Thursday, August 6, 2015
I have continued to wonder about the history of chasen making. Several years ago I read in Misiko Hane's "Peasants, Rebels, and Outcastes: The Underside of Modern Japan" (New York. Pantheon. 1982) that chasens were made by folks who were considered burakumin. It brought back an odd experience I had when inquiring about wanting to visit a maker of this most beautiful hand tool when I first visited Midorikai as a guest student. Thinking my enthusiasm to know more about the sources of chadogo would be well met, I felt my query was dismissed for some uncomfortable (for them, not me) reason. "Too far away. Out of town."
I recently inquired of Ted Fowler, a retired professor of Japanese culture who has studied caste systems. He confirmed for me that
"All of the crafts you mention -- low-paying but requiring a goodly amount of skill -- were often associated with
burakumin in the past. Many of these artifacts are no longer made domestically, and so the current situation is a bit different. It is important, i believe, to stress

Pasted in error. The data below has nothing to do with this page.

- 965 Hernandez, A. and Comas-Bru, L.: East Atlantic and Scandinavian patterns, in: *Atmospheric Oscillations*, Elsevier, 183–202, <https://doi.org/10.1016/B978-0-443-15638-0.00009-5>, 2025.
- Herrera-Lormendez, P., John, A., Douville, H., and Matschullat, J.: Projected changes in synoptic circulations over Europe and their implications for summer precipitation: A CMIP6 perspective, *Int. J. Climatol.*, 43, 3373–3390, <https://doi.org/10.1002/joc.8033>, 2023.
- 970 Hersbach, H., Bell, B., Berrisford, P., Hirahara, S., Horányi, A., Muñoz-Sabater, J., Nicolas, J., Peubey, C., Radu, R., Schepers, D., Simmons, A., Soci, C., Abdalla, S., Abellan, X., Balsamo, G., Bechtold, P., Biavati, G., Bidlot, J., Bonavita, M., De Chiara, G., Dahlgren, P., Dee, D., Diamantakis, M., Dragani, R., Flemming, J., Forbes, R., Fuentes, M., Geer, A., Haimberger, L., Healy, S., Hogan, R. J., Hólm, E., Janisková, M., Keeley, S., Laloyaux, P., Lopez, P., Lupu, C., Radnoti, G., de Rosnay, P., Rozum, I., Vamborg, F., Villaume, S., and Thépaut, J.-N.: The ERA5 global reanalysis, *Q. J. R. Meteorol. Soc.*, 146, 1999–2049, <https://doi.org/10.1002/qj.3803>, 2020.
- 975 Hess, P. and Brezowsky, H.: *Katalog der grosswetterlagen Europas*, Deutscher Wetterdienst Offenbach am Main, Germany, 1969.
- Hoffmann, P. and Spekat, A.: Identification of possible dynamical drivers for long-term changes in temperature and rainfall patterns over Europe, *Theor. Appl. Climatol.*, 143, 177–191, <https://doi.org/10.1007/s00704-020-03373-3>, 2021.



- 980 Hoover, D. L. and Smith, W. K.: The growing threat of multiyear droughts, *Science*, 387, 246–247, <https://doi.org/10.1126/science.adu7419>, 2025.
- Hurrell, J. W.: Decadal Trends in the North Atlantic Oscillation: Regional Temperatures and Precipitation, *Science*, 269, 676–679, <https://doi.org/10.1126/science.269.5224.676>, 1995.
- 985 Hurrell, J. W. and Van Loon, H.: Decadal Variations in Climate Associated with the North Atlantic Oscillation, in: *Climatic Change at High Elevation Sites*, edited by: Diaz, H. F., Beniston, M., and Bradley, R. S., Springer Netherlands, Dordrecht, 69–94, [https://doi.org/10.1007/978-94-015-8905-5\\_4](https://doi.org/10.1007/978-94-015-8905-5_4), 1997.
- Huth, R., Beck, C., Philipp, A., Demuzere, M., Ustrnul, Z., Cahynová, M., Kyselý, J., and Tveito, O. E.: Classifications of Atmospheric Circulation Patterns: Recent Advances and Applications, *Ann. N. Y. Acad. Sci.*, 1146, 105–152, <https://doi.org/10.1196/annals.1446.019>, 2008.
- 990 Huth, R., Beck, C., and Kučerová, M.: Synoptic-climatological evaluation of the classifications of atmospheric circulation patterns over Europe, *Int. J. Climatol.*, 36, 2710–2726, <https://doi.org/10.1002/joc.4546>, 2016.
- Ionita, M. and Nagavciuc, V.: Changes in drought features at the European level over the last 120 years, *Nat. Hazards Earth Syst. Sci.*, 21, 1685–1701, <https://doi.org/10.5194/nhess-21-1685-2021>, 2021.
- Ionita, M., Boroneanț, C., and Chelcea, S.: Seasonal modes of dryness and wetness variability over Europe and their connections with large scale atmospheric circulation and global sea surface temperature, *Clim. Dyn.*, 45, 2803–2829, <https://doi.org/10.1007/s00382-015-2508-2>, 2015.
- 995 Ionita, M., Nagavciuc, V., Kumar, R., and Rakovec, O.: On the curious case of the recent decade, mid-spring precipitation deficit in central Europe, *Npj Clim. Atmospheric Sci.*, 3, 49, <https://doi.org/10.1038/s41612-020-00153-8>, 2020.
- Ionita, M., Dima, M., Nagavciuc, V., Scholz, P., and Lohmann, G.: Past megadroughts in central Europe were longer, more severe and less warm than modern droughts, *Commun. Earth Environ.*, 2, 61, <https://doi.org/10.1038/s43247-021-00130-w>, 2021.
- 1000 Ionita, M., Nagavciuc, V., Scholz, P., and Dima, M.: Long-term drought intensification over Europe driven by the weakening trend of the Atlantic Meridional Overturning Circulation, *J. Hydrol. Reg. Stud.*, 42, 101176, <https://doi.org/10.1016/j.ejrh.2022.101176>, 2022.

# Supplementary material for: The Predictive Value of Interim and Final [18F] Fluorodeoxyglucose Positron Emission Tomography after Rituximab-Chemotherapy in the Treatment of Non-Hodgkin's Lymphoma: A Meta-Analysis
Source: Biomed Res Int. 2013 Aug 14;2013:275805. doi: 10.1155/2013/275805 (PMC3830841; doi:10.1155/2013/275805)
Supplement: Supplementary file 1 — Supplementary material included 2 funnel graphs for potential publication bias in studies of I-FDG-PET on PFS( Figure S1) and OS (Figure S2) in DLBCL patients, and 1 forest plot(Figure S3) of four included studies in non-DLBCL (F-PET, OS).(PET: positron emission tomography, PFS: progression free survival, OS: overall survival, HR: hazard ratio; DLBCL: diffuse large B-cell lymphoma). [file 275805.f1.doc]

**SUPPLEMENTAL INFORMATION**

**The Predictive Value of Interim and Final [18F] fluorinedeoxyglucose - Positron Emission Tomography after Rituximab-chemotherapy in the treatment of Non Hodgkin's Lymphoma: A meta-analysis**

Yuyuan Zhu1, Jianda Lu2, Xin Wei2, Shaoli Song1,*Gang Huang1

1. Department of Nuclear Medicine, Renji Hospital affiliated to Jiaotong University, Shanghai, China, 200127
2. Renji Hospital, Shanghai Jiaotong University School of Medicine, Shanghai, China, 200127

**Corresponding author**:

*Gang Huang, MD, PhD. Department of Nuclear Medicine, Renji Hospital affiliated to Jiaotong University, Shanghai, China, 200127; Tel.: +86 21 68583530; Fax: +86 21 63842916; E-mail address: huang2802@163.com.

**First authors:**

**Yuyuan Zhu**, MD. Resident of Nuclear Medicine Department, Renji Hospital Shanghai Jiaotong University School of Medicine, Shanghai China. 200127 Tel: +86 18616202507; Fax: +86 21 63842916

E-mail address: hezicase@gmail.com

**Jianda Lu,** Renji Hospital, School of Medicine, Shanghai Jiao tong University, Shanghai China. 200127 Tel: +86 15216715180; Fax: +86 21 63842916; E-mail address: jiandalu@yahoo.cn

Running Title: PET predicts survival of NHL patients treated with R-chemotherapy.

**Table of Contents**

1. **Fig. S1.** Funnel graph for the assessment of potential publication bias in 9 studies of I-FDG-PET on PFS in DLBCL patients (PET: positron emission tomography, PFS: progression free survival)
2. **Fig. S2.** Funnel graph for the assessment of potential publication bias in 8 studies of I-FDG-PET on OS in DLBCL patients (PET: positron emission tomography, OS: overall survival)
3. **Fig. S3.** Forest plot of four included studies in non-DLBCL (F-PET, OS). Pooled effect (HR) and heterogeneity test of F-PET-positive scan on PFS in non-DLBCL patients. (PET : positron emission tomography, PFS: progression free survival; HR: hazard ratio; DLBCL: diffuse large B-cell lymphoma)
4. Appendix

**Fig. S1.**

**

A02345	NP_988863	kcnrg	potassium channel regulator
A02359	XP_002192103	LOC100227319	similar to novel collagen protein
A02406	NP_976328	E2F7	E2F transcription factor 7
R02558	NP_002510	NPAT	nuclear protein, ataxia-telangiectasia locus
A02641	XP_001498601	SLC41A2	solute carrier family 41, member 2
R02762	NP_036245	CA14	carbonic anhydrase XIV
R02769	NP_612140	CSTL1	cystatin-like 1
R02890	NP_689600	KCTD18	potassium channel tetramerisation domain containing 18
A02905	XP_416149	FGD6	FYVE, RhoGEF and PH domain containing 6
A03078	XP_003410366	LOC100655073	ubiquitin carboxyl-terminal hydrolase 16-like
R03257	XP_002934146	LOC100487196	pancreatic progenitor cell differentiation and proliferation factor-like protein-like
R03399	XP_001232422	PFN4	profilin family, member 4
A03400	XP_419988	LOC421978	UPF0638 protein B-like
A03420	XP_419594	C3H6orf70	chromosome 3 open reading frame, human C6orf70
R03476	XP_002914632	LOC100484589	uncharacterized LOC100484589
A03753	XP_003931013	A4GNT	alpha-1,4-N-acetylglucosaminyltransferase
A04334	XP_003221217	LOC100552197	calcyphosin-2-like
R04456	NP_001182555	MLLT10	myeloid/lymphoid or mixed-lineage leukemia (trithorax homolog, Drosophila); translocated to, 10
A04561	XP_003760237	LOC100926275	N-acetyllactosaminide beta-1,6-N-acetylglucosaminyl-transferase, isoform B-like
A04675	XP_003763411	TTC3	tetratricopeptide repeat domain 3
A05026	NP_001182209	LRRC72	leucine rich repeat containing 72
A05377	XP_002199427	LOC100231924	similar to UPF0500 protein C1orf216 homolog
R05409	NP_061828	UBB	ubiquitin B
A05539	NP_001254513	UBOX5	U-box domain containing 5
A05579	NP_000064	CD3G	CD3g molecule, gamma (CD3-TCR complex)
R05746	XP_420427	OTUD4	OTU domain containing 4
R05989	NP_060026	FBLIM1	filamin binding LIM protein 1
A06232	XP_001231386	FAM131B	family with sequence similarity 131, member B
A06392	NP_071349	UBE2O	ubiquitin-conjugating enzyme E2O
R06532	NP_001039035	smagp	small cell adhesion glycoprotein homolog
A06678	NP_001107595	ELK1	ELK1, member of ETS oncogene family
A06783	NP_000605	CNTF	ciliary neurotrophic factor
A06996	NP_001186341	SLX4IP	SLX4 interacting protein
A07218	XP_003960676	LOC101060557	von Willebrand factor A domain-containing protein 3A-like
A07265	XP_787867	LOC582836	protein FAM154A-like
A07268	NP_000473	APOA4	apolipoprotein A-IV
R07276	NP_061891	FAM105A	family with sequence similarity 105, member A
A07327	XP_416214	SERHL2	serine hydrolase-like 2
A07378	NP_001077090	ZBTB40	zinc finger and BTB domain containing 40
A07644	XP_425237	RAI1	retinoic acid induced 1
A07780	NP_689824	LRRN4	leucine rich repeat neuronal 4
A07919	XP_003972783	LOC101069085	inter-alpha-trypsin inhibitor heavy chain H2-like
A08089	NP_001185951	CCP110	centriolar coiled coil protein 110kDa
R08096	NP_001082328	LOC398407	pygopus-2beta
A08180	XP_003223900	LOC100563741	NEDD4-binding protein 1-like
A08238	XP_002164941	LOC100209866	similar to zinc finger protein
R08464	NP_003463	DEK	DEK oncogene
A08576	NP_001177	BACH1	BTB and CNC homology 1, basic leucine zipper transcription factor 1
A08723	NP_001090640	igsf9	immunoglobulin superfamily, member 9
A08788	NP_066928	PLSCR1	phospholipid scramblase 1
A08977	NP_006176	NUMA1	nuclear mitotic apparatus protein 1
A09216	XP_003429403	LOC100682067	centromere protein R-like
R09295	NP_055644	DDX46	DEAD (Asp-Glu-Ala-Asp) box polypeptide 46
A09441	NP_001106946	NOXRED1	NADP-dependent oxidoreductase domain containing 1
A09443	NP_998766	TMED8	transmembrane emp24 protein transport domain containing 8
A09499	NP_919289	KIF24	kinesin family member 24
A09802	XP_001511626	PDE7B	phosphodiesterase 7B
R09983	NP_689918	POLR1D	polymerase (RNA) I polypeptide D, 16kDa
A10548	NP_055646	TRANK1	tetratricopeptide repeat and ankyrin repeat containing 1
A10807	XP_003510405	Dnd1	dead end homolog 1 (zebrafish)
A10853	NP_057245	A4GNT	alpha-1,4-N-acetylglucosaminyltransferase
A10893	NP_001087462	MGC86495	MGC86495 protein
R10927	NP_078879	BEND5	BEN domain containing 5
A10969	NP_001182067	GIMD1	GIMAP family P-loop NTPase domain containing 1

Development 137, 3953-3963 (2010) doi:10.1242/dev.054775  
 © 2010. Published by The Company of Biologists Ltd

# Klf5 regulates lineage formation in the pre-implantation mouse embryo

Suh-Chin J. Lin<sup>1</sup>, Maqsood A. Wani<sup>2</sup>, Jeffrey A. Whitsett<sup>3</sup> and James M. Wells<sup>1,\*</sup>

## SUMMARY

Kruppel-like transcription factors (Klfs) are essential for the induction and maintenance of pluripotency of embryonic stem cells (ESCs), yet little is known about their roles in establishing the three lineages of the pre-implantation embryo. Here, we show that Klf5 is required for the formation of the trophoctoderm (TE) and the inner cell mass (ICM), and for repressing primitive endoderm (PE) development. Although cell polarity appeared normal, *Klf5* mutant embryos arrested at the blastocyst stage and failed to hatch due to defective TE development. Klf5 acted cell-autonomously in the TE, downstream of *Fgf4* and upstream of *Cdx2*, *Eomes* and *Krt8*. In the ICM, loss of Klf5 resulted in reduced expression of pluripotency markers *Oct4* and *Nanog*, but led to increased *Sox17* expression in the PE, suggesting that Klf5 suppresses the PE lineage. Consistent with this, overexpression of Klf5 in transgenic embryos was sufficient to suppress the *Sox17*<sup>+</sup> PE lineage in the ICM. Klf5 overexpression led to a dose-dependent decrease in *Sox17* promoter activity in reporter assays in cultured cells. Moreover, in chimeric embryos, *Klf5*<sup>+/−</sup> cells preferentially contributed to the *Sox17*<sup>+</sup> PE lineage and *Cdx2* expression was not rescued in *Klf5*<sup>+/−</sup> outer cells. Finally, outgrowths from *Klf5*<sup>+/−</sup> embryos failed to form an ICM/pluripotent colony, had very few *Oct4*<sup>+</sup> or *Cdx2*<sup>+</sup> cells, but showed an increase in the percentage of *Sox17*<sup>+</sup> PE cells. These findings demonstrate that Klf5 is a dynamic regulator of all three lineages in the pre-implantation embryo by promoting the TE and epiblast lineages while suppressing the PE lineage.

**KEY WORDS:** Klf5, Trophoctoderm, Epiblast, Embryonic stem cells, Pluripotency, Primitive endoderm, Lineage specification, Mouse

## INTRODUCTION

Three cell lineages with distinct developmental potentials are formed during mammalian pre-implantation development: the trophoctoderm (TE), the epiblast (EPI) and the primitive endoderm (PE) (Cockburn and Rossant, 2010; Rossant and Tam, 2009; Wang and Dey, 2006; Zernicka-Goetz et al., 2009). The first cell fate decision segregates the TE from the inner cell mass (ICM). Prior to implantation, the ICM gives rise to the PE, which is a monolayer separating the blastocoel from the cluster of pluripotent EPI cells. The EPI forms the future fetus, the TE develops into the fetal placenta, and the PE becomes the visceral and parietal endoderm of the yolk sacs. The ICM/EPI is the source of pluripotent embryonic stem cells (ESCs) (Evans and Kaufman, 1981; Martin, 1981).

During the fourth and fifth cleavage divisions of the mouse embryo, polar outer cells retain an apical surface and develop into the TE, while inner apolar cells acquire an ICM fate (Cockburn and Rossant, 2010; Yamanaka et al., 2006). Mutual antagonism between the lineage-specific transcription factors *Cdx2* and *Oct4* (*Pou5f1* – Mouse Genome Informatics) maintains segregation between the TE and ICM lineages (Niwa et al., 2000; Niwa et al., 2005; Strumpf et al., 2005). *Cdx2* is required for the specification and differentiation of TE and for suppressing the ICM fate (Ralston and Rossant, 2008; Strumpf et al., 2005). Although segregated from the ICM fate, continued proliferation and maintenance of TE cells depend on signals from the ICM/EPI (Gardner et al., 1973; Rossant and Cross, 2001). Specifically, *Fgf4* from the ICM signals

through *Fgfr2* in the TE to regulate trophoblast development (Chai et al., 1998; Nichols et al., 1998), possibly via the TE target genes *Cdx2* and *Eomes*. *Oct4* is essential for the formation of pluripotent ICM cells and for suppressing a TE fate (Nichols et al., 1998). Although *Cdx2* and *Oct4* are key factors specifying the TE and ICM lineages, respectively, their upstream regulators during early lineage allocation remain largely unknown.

the immense contribution made by non-caste groups to Japanese culture -- culture that we look on today as sanctified by the patina of 'tradition' or 'traditional arts.'"
this video about the making of chasen today byTango Tanimura, the 20th generation of the fabled family. Situated like 95% of all chasen makers in Japan in Takayama village in Nara, the family's name is recorded as having been patronized by the Tokugawa Shogun, among other notables. Jun Tanimura has a Facebook page.
Studio KotoKoto in San Diego CA has a great English language account about this family's work. Another good source of information about Takayama village chasen making is here.